Duncan is a masculine Scots given name dated to 1591-1596 and found in "Names from Papers Relating to the Murder of the Laird of Calder," Margaret Makafee ( ) . Black lists a Duncan Campbell dominus de Gaunan date c. 1390 (p. 130 s.n. Campbell).

Drax is an English surname dated to the 15th-16th C: John Drax (1406), Lambert Drax (1509). It is also seen as de Drax, in Bernard de Drax of Marmande, c. 1303 (all citataions from the National Archives, ). John Drax was a serjeant of arms cited in a legal document, .

Scots/English is not considered a step from period practice, so that both elements occur less than 20 years apart (Duncan to 1390 and Drax to 1406). Woohoo!

The client desires a male name and will not accept Major or Minor changes to the name.

Griffins are segreant by default.

9. Eogan Britannicus: CHANGE OF HOLDING NAME from “Geoffrey of Atenveldt”

The holding name was registered December 2008.

His original name submission, Eogan of the Breton March, was returned for the following reasons: “The byname of the Breton March was documented from "About Song of Roland" ( which indicated that Roland was called "Lord of the Breton Marches" in Einhard's Vita Karoli Magni, written c. 830-833. However, this is not quite the case. Section 9 of Einhard's Vita calls Roland Hruodlandus Brittanici limitis praefectus 'Hruodland prefect of the territory of Brittany/the Bretons'. The translation of Brittanici limitis as 'of the Breton March' is, as far as we have been able to determine, modern. What is modernly referred to as the "Breton March" is an administrative region in Neustria, the western part of the Frankish kingdom. The administrative region was first created under the rule of the Merovingian dynasty in the late seventh or early eighth century. This is the march where Roland was prefect. The Carolingians recreated this administrative region in 861, and the area was united with the neighboring Norman region in 911. So far as we have been able to tell, the phrase Brittanici limes is an administrative label rather than a geographical name. If it is primarily an administrative term, then it is not appropriate for use in a locative byname. The distinction between an administrative label and a geographical name is, for example, the distinction between 'the county of York' and York or Yorkshire. A man who lived in the county of York would use the byname of York or of Yorkshire, not of the county of York. Similarly, someone who lived in the Brittanici limes would not be known as de Brittanici limite but rather de Brittania 'of Brittany' or Brittanicus 'the Breton'. We would change the name to Eogan de Brittania or Eogan Brittanicus, but the submitter does not allow major changes.”

The client is amenable to one of the CoA's suggestions, that of Brittanicus.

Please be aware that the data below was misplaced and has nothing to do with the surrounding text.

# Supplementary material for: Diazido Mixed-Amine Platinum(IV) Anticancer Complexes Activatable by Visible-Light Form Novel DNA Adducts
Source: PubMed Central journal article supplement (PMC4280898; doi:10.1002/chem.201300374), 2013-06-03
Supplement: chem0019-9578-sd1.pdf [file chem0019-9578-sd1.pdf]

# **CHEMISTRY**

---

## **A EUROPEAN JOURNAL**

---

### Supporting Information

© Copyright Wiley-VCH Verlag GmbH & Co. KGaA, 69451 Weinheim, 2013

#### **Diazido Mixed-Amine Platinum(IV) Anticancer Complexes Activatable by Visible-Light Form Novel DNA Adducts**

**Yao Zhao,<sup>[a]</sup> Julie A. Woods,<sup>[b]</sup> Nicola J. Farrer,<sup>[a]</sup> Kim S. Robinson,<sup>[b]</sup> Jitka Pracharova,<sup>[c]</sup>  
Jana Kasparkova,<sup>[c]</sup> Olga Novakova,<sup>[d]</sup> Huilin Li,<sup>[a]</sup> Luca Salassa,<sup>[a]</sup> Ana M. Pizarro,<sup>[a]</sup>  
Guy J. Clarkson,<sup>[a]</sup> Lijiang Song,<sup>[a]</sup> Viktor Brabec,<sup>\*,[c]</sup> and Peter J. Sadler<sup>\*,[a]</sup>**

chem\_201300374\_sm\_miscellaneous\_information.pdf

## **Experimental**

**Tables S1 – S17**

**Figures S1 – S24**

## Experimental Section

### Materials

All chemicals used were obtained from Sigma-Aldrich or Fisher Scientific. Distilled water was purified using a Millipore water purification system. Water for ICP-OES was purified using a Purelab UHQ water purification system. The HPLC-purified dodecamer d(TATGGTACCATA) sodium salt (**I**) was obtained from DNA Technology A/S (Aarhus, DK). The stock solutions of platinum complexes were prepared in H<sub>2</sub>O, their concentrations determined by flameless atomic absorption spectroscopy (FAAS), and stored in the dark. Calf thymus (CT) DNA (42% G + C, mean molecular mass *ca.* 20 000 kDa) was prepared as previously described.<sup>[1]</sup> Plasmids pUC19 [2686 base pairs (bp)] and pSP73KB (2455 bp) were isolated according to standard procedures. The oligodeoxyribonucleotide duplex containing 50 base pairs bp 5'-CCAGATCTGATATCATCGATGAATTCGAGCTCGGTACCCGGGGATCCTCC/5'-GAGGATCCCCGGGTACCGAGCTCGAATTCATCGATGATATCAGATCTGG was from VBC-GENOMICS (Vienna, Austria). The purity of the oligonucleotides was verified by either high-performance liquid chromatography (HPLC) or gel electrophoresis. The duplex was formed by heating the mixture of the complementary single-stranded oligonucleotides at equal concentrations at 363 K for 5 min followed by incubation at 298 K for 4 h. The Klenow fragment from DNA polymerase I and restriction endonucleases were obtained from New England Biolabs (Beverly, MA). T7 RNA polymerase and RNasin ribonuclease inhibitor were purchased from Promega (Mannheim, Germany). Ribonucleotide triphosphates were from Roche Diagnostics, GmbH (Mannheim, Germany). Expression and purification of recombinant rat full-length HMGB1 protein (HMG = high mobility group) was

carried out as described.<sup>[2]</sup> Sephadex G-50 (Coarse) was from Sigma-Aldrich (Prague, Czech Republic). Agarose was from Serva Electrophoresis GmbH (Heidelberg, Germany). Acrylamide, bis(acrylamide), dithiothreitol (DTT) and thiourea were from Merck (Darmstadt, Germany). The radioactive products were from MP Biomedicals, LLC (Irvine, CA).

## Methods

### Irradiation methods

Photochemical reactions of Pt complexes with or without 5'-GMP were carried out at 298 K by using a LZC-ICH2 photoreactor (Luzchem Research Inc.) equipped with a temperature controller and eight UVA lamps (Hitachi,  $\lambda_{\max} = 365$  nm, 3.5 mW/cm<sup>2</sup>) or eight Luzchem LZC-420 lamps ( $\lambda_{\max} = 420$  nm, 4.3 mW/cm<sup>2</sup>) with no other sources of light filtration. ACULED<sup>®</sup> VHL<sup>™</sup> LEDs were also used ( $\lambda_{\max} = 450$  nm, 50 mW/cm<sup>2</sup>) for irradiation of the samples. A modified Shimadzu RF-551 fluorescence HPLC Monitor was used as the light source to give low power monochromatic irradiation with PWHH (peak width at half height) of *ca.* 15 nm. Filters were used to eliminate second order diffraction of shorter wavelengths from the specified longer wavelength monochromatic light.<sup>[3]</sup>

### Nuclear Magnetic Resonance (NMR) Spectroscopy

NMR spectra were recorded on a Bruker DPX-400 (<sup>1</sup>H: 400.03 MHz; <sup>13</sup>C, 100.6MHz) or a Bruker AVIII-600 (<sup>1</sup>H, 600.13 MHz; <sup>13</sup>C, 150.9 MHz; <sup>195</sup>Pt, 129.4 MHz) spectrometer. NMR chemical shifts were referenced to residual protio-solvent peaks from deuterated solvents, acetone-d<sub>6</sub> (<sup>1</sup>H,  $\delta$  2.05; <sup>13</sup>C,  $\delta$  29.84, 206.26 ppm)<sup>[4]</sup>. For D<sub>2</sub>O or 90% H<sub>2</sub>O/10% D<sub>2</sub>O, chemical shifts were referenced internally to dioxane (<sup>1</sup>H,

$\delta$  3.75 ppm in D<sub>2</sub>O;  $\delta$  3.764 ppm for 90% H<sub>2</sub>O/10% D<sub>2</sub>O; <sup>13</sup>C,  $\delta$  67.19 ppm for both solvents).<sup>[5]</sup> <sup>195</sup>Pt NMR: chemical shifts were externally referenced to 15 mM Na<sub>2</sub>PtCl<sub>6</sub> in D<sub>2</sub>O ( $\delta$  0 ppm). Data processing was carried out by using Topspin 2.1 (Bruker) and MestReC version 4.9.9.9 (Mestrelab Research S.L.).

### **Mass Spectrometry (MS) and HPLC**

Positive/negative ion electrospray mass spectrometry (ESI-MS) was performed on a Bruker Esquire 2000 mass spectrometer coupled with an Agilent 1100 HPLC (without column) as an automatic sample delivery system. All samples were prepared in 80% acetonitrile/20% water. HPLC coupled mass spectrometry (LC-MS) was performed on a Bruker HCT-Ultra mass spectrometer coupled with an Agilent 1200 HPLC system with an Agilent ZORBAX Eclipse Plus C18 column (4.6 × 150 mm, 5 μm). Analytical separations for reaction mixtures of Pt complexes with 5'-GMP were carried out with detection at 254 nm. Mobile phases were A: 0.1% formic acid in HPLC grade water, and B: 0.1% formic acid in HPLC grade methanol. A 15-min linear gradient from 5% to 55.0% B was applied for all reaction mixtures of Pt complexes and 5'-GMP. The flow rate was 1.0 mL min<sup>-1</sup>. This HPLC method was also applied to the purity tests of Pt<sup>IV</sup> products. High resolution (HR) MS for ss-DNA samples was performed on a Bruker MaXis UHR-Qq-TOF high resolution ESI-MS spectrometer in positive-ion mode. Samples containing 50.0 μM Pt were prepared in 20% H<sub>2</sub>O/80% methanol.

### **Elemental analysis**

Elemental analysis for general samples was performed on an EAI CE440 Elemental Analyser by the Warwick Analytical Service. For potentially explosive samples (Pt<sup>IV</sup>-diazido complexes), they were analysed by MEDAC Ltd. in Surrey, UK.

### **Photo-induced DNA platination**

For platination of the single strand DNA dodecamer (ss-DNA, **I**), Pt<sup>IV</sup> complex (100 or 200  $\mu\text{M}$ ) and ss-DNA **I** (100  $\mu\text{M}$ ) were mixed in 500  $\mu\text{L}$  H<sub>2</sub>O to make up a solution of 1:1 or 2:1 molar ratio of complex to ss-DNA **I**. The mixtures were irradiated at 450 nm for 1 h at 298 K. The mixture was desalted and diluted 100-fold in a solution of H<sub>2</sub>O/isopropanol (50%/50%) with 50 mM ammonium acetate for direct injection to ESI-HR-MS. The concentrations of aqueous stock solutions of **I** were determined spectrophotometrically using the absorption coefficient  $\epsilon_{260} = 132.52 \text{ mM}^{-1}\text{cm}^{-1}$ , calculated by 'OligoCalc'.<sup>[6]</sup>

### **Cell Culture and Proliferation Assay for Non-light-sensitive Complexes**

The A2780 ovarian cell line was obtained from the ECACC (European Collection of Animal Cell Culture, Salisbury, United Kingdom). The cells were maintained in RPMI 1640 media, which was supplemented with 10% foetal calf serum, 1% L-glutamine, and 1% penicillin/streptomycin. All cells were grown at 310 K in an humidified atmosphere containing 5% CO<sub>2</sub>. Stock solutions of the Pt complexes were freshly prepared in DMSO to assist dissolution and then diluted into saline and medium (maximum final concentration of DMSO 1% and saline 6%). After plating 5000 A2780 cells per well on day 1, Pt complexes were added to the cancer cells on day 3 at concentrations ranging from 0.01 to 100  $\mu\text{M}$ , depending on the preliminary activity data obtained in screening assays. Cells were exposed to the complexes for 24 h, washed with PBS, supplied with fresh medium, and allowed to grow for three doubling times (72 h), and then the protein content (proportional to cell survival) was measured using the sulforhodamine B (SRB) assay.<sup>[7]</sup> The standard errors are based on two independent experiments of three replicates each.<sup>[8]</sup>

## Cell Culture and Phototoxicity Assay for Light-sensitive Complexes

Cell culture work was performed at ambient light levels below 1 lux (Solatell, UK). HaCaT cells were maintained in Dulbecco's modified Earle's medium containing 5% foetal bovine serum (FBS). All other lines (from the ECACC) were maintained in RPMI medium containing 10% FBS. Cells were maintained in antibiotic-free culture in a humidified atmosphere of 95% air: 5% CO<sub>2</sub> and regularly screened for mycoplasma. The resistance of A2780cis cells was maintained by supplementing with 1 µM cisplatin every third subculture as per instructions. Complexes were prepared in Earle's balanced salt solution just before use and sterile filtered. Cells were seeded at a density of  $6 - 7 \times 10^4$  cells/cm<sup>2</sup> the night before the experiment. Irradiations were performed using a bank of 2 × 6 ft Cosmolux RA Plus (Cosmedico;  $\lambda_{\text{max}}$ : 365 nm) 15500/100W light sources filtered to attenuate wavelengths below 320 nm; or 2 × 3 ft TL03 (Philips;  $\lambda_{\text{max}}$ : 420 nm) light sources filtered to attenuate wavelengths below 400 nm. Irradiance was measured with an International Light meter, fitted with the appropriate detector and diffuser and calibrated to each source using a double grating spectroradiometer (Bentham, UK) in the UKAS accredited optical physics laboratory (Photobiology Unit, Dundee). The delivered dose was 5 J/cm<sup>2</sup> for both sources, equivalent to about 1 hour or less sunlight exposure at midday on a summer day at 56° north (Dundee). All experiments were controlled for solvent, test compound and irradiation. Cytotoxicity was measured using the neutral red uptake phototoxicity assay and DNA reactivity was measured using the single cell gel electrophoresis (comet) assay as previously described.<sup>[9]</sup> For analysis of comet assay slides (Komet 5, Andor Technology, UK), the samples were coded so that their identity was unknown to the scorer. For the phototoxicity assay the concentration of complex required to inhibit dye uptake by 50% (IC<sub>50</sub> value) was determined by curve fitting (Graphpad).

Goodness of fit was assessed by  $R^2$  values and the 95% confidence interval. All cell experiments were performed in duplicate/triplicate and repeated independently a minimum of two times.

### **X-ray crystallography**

He desires a male name and is most interested in the sound of the name. He wishes it authentic for language/culture and time period (none given, but the original submission and the suggestions offered by the CoA indicate a pre-Conquest time).

10. `Ijliyah bint Rashid: CHANGE OF HOLDING NAME, “Kelli of Tir Ysgithr”, Laurel January 2009

The original name submission, Ainaiyra al-Rashna, was returned “for problems with the documentation and construction. First, no documentation was provided on the LoI, and none was found by the College, that Ainaiyra is a period given name in any culture. The LoI documented Ainairya (note spelling) from "Avesta: Zoroastrian Archives" ( ), but this website gives no evidence either Ainairya was used before 1600 or that, if it was, Ainaiyra is a plausible variant spelling. Lacking such evidence, neither Ainairya nor Ainaiyra is registerable.

“Second, the byname al-Rashna was intended to mean 'the just'. Rashna was also documented from "Avesta: Zoroastrian Archives" as a masculine Parsi given name. Loyall notes: The Parsi names from the submitter's source are dated to the nineteenth century; unless they can be shown to have been used in our period by another source, they are not suitable for use in the SCA..

“Even if Rashna was shown to be a period masculine given name, al-Rashna is not a correct construction. Da'ud ibn Auda, "Period Arabic Names and Naming Practices", lists various laqabs ("a combination of words into a byname or epithet, usually religious, relating to nature, a descriptive, or of some admirable quality the person had (or would like to have)") of the form al-X, e.g., al-Rashid 'the Rightly-guided' and al-Fadl 'the Prominent'. “These examples show that the pattern was used in Arabic, but not that it was used in Persian. Because Arabic and Persian are distinct languages with different grammar, orthography, name construction, and name pools, patterns which are plausible in one language are not necessarily plausible in the other. Lacking evidence either that Persian words were used in Arabic al-X laqabs, or that Persian used the construction al-X 'the X' to form bynames, al-Rashna would not be registerable even if Rashna was shown to be a period Persian word.” This is a complete reworking of her name.

(Might it be requested that this paper, which appears in the Medieval Names Archive, be deleted, as it appears the name forms seen are post-period and do more to mislead potential clients than to help them?)

The name is Arabic. All elements and construction pattern come from “Period Arabic Names and Naming Practices,” Da'ud ibn Auda

( ).

`Ijliyah is a feminine given name/`ism.

Rashid is a masculine given name/`ism. The name means “`Ijliyah daughter of Rashid.”

The client desires a feminine name and is most interested in the sound (she'd like a name that sounds as close to Inara as possible).

11. Ingvarr ørrabein: NEW NAME and DEVICE

Gyronny of six argent and gules, a Thor's hammer between three valknuts sable.

The name is Old Norse. Ingvarr is a masculine given name found in “Viking Names found in Landnámabók,” Aryanhwy merch Catmael

( ).